USA) This is an expanded version of the Leap of Faith collective with some 21 members and it was recorded just last month (in November of 2016). Considering that creative gig opportunities are relatively scarce in the Boston area, Leap of Faith founder, Dave Peck, has tapped into a large underground network of musicians, many of whom I’ve never heard of, and gotten them to play in different versions of Leap of Faith and their offshoot units. 21 musicians is quite a large ensemble and one would think that this disc/set would be mostly chaotic but that is not the case. Mr. Peck is using some sort of timing and/or conducting device which seems to keep the unwieldy ensemble focused. I recognize the three core menbers of Leap of Faith (PEK, Lomon & Zbitnov) as well as a few of the more occasional players: trumpeter, Forbes Graham, vibist Andria Nicodemou and drummer Syd Smart. Commencing with gong blast and we are off and soaring.
Everyone in this massive ensemble doubles on varied percussion like metals, rachets and flex-a-tones. You can see the large set-up on the back of this disc. The first part features an extraordinary percussion section for tympani’s, cymbals and other layers of small percussion. This long work (77 minutes) sounds like it is sectional, with various subgroups emerging and with occasional solos rising above the waves. If I didn’t know better, I would think that this was a Braxton or Globe Unity Orchestra piece, this is how strong and well-balanced it is. Longtime Leap of Faith mainstay, Glynis Lomon pulls off an exceptional cello solo with various other musicians interacting around her in short bursts. What blows my mind is when a certain section, like the brass (tubas, trombone & trumpets) all weave their lines together into an impressive display of different currents creating a fascinating tapestry. This happens time and again as different sections or subgroups emerge and expand. As a longtime fan of large ensembles and orchestras, this is one of the more successful orchestral units I’ve heard in a long while! Long live Leap of Faith and their ever-growing network. - Bruce Lee Gallanter, DMG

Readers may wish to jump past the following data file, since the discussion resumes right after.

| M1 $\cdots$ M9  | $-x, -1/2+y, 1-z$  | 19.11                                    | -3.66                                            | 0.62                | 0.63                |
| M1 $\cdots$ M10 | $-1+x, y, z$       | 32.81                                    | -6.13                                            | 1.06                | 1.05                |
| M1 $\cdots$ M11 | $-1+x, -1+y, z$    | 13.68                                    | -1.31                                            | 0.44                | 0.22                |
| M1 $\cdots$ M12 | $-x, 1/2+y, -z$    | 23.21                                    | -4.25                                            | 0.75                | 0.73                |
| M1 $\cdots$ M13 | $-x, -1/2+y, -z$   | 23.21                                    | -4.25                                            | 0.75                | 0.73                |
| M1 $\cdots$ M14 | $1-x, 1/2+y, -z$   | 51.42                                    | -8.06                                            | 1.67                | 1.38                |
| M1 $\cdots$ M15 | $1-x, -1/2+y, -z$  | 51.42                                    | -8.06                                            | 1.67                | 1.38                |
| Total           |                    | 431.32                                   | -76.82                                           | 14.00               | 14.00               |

Leap of Faith Orchestra (Evil Clown)
by Donald Elfman, New York City Jazz Record
“Composer and instrumentalist PEK (David Peck) has created a big band experience decidedly different from nearly any other. Not for PEK are standard charts with themes and room for soloists; instead an extended (some 77 minutes) ‘composition’ for orchestra is replete with various and sundry unusual instruments and delineated sections in which a variety of colors and textures take center stage, leaving a listener with the distinct feeling of experiencing something of note. The composer employs what he describes as Frame Notation, where the score is seen by players in written descriptions and symbols within duration bars. The musicians thus derive an understanding of their
individual parts and, more importantly, an expansive sense of the shape of the entire piece. In performance, the players track the time on a sports clock but get no melodic, harmonic or rhythmic information (the reader/listener is advised to go to evilclown.rocks/lofo-supernovae-score.html).